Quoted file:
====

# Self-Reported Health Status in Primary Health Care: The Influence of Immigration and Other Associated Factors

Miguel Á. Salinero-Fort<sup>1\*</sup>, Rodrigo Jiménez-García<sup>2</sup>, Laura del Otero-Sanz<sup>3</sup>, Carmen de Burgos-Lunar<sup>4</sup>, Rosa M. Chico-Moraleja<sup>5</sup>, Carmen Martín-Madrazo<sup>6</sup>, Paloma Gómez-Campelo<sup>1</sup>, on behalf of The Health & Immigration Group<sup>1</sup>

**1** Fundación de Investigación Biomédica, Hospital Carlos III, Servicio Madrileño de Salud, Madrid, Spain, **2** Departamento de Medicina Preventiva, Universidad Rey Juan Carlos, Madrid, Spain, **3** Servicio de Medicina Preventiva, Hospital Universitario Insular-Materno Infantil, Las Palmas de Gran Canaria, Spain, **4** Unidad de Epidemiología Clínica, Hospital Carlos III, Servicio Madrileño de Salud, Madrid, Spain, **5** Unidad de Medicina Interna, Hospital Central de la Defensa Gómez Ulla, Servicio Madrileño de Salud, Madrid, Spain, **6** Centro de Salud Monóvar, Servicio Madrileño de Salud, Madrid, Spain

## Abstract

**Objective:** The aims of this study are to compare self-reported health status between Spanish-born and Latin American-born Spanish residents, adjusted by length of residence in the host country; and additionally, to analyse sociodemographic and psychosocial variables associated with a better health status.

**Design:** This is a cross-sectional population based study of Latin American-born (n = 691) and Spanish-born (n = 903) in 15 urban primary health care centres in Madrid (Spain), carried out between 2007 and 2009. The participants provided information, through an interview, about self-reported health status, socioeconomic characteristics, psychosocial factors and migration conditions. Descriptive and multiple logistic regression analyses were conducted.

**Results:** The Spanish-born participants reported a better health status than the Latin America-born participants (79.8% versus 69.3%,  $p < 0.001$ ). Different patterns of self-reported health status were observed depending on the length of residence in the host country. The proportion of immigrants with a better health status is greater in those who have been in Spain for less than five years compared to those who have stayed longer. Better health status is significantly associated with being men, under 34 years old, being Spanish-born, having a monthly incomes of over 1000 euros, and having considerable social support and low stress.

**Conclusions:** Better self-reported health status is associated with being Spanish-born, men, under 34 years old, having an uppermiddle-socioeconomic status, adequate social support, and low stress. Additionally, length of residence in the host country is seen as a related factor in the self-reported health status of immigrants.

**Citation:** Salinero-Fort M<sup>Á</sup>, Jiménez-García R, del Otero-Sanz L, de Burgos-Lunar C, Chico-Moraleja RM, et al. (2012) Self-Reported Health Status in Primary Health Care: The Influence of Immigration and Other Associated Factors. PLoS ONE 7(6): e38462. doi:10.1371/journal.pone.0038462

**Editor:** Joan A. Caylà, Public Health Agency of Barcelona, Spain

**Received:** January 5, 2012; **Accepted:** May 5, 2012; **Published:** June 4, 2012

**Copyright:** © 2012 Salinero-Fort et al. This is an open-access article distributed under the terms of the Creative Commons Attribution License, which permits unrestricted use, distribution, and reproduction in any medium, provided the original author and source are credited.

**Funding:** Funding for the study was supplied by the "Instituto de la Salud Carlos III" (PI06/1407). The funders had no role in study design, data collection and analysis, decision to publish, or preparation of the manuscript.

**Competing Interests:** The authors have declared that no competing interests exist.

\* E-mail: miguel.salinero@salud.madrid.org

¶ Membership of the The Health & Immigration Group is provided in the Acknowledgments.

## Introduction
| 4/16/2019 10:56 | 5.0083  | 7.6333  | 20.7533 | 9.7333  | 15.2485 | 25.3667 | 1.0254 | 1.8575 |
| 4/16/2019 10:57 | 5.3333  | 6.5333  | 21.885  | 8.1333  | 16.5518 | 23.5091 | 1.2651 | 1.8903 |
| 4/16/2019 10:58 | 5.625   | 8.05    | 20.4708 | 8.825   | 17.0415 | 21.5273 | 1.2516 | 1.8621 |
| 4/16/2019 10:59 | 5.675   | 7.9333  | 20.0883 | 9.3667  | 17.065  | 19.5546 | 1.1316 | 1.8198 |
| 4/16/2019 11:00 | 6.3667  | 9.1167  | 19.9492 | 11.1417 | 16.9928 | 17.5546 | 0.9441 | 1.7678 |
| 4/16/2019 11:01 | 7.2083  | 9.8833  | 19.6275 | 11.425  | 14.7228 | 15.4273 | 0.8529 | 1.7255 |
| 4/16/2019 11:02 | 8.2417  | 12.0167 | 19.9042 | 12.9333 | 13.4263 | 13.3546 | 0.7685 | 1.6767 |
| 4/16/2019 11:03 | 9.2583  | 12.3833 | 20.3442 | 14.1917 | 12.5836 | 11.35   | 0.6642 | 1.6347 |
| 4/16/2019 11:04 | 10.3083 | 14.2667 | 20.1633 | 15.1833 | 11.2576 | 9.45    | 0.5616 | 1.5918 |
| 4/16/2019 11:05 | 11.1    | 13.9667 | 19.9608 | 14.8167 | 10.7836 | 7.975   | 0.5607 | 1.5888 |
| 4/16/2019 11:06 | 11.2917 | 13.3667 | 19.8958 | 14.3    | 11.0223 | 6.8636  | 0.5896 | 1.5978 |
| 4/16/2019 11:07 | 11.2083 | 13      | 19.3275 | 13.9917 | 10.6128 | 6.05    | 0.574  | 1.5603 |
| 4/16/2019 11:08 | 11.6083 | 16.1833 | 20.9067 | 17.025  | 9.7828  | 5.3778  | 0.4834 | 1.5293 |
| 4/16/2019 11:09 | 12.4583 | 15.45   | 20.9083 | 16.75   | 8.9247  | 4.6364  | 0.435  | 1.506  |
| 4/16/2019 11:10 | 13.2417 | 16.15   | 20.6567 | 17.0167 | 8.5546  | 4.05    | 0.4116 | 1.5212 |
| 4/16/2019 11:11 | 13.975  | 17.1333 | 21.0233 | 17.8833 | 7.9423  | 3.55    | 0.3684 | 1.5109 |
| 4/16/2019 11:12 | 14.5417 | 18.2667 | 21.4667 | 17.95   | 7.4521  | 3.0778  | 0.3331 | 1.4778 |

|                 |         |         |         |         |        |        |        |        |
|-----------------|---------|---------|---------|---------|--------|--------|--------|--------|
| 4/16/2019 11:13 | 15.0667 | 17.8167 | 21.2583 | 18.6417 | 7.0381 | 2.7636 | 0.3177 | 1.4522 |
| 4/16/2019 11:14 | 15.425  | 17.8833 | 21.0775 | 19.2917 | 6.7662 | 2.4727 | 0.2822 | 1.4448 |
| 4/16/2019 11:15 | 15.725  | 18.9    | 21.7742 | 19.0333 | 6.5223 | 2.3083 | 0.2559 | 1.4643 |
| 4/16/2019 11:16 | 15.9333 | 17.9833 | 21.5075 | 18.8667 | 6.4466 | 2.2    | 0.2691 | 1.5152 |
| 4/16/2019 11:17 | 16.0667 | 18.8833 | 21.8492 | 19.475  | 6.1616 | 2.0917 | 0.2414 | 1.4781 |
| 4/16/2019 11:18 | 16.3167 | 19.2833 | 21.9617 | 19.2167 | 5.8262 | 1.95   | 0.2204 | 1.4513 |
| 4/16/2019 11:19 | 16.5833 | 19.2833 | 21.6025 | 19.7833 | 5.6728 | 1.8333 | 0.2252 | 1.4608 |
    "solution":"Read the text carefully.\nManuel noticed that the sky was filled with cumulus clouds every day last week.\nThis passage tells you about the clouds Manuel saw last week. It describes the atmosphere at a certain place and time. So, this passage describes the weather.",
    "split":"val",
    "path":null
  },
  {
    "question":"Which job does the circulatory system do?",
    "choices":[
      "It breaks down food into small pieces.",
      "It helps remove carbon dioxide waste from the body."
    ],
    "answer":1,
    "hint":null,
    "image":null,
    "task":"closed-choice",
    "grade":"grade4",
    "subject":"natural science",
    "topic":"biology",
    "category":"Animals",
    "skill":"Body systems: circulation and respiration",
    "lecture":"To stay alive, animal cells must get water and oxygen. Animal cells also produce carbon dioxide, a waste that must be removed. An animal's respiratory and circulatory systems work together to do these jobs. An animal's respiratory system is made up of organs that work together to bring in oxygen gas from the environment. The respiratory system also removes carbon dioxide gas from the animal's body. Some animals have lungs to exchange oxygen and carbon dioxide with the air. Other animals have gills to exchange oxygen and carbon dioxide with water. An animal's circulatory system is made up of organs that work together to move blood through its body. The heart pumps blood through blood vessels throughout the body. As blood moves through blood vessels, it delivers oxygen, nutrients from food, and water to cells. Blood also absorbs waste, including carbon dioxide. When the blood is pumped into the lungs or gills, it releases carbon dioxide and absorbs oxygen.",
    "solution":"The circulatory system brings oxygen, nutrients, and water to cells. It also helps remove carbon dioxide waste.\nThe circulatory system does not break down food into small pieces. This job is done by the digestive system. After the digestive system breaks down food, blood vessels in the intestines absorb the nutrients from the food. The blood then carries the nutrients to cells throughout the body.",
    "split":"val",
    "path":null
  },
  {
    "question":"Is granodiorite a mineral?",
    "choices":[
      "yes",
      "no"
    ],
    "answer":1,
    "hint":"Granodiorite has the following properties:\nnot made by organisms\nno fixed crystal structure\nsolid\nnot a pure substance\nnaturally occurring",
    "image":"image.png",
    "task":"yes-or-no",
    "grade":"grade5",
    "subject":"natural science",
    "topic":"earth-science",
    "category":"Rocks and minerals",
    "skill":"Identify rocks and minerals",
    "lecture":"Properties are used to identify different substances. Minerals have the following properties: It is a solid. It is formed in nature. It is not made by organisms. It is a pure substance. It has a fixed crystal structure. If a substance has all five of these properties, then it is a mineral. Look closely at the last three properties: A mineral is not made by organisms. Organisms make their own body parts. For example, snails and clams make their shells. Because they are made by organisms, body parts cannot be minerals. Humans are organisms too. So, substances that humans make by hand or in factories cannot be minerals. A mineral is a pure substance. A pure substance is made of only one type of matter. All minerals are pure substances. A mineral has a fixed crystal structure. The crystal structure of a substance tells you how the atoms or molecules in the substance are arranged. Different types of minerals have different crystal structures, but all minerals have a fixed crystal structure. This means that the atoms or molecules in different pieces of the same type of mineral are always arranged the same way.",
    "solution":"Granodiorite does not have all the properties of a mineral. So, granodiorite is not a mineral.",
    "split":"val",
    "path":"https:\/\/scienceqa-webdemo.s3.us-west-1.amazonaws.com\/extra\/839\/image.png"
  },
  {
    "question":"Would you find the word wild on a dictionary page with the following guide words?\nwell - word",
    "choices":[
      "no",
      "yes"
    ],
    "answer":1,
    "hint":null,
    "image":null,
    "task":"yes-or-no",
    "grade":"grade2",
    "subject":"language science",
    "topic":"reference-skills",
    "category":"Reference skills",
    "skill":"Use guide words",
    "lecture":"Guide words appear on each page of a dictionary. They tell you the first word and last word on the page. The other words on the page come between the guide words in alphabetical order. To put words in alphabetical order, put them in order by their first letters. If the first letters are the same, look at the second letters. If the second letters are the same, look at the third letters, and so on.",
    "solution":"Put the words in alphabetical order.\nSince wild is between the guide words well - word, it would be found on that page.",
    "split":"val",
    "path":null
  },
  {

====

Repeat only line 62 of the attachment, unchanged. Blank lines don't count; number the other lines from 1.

    "skill":"Body systems: circulation and respiration",